Already indispensable as the world’s supplier of manufactured goods, China now seeks to benefit from the fact of its ‘early recovery’ to take advantage of the travails of the rest of the world, by using its manufacturing capability to its geo-economic advantage. Simultaneously, it seeks to shift from being a Black Swan (responsible for the pandemic), to masquerade as a White one, by offering medical aid and other palliatives to several Asian and African countries to meet their current pandemic threat. In turn, it seeks to gain a geopolitical advantage by this action.

China also seems to be preparing for the eventuality that the current pandemic could hollow out the financial viability of many companies, institutions and banks across the world. There are enough reports of China’s intentions to acquire financial assets and stakes in banks and companies across the world, taking advantage of the scaled-down value of their assets to support this. India seems to have woken up only recently to this threat, after the Peoples’ Bank of China acquired a 1% stake in India’s HDFC, taking advantage of the sharp decline in the price of HDFC stocks. Across the world, meanwhile, the clamour against China’s hostile takeover bids is becoming stronger. Several countries apart from India, such as Australia and Germany, have begun to restrict Chinese foreign direct investment in companies and financial institutions in their countries, recognising the inherent danger of a possible Chinese hostile takeover of their critical assets.

This may not, however, be adequate to checkmate China, which is poised to dominate the Regional Comprehensive Economic Partnership (RCEP), thus enabling it to exploit market access across the Association of Southeast Asian Nations, East Asian nations, Australia and New Zealand. Together with its Belt and Road Initiative, which seeks to combine regional connectivity alongside gaining a virtual economic and substantial stranglehold across Asia, China is ostensibly preparing the way for a China-centric multilateral globalisation framework.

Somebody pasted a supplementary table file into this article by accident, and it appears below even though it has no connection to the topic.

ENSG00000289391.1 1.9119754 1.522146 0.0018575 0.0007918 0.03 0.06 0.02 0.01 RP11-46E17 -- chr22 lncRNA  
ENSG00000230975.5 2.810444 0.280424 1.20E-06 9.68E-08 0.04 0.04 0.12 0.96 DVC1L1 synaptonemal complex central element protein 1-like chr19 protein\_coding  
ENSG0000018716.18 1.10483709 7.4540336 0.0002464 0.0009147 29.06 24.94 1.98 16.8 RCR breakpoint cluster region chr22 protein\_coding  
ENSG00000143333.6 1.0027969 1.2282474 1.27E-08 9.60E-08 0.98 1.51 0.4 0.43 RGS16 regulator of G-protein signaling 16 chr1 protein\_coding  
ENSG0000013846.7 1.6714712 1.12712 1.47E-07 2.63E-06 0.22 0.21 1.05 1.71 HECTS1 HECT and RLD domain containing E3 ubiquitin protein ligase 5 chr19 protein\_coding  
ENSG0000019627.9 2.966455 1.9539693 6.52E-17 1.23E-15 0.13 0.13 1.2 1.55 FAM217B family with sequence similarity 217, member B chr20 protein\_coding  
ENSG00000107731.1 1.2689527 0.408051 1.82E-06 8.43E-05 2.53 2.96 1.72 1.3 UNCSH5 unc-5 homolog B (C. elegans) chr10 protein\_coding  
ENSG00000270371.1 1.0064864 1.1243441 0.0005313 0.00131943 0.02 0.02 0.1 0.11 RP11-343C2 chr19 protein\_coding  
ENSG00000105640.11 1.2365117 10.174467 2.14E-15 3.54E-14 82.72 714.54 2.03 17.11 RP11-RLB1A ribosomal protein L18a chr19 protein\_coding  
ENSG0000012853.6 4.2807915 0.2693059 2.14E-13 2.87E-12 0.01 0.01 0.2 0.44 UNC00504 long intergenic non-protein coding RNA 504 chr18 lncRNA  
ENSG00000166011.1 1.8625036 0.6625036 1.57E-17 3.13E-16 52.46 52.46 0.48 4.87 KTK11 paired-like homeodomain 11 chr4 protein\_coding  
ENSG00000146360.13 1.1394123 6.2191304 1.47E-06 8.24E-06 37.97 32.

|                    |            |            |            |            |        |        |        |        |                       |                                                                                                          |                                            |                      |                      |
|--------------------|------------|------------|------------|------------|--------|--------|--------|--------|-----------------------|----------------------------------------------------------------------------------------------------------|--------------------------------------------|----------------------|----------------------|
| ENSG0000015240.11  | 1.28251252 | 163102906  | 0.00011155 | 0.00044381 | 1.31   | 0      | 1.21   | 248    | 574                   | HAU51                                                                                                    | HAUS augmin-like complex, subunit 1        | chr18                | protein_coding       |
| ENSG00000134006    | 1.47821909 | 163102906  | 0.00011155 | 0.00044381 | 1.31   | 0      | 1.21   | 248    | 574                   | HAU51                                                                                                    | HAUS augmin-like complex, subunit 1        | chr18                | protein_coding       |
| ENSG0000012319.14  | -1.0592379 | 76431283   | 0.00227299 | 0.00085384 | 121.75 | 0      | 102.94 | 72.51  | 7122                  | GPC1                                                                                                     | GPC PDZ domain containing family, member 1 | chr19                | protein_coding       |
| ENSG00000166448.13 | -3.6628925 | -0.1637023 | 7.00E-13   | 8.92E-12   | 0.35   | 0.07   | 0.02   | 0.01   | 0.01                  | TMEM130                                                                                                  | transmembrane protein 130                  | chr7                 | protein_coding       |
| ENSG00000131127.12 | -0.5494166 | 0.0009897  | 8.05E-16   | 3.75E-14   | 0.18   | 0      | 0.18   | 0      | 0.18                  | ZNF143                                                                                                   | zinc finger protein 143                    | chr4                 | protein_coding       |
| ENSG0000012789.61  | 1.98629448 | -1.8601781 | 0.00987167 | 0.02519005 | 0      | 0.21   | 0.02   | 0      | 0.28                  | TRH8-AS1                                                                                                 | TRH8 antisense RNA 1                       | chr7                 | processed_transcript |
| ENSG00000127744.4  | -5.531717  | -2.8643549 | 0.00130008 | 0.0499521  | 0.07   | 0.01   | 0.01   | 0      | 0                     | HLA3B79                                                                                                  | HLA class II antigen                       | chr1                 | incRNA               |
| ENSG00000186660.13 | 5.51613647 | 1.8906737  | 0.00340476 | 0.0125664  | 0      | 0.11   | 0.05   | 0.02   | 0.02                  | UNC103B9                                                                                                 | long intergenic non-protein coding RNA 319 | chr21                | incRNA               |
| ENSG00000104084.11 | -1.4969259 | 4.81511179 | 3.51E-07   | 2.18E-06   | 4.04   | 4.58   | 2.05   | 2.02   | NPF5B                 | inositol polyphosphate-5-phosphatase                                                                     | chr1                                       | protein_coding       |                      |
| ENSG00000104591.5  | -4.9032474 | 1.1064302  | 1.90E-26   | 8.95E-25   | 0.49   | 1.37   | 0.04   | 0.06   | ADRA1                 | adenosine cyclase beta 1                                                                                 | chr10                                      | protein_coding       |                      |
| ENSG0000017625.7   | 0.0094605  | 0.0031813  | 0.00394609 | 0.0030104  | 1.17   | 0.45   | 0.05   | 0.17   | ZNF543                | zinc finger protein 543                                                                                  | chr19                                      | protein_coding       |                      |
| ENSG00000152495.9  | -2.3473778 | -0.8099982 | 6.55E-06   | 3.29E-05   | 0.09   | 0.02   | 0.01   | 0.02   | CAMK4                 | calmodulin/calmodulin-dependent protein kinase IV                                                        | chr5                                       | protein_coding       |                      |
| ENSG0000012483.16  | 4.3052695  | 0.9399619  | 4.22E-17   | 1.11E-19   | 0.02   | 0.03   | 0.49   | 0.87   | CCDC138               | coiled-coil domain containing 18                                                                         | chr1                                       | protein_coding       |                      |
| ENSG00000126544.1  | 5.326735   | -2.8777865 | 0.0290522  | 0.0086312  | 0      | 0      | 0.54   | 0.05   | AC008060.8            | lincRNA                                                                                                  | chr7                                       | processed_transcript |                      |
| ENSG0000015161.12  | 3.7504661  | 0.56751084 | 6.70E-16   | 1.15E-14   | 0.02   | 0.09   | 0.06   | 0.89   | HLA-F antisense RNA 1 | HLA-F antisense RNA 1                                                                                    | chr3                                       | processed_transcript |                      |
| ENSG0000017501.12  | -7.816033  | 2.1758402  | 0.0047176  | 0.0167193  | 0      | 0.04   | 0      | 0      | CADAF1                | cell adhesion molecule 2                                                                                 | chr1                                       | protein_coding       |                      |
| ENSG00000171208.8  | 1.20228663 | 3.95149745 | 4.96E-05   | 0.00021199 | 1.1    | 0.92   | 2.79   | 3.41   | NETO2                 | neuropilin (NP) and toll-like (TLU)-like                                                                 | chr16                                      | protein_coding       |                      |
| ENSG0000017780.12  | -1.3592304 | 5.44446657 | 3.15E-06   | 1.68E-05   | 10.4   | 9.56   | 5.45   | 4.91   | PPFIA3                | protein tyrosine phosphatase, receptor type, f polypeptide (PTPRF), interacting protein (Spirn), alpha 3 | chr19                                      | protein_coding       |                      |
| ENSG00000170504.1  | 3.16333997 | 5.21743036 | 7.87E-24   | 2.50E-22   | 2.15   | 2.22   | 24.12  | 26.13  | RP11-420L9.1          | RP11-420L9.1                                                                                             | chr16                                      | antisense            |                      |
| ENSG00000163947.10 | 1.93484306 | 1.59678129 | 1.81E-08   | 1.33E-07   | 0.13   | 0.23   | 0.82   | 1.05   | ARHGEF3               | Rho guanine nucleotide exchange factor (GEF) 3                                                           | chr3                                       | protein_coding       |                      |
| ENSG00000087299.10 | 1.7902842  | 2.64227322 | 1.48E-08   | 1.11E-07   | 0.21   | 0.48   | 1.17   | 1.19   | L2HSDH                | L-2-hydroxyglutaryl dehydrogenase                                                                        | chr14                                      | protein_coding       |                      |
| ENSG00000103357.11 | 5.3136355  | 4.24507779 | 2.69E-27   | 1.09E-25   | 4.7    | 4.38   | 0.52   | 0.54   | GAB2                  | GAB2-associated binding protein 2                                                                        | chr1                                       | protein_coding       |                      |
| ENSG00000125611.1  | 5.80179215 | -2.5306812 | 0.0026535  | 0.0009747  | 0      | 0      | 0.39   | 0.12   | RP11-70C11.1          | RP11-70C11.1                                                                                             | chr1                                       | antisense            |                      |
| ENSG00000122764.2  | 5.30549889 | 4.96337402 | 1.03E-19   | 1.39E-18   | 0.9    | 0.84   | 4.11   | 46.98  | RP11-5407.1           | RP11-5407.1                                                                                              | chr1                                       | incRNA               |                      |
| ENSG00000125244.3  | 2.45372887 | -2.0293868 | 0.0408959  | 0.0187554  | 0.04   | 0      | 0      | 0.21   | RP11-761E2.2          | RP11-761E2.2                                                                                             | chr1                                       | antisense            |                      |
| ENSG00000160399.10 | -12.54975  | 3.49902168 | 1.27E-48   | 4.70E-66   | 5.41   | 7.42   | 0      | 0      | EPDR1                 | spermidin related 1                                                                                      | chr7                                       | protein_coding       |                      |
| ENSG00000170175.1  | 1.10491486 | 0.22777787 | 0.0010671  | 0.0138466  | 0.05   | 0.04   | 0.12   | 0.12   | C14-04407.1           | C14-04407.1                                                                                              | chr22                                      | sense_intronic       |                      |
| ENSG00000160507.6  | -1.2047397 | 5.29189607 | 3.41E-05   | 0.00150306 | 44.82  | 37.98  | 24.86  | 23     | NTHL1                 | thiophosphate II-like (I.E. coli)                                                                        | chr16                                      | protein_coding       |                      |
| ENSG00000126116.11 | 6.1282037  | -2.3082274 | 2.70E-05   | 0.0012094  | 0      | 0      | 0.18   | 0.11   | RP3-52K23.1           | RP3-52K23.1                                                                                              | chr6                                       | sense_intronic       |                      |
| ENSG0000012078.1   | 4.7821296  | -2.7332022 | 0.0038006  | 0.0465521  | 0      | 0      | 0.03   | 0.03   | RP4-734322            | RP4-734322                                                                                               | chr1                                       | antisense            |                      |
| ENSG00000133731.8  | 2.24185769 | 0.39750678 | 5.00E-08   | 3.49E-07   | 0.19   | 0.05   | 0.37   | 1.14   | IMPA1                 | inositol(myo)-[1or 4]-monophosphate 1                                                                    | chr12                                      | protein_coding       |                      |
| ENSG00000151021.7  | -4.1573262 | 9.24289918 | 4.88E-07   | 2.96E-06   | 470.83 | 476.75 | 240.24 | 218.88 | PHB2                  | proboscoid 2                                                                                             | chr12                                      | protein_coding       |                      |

A faltering West

The geopolitical fallout of this pandemic could be still more serious. One distinct possibility is that COVID-19 would effectively put paid to the existing global order that has existed since the late 1940s. The United States which is already being touted in some circles as a ‘failing’ state will be compelled to cede ground. Weakened economically and politically after COVID-19 has ravaged the nation, the U.S.’s capacity to play a critical role in world affairs is certain to diminish. The main beneficiary of this geopolitical turnaround is likely to be China, a country that does not quite believe in playing by the rules of international conduct. Europe, in the short and medium term, will prove incapable of defining and defending its common interests, let alone having any influence in world affairs. Germany, which may still retain some of its present strength, is already turning insular, while both France and a post-Brexit United Kingdom will be out of the reckoning as of now.

West Asia and India

Coming to West Asia, both Saudi Arabia and Iran are set to face difficult times. The oil price meltdown will aggravate an already difficult situation across the region. There may be no victors, but Israel may be one country that is in a position to exploit this situation to its advantage. In the meantime, the economic downturn greatly reduces India’s room for manoeuvre. In South Asia, it faces the prospect of being isolated, with the Chinese juggernaut winning Beijing new friends and contacts across a region deeply impacted by the economic consequences of the COVID-19 pandemic. Likewise, India’s leverage in West Asia — already greatly diminished — will suffer further, with oil prices going down and the Indian expatriate community (who are among the hardest hit by this downturn) out on a limb. Many of the latter may seek repatriation back to the host country, substantially reducing the inflow of foreign funds to India from the region.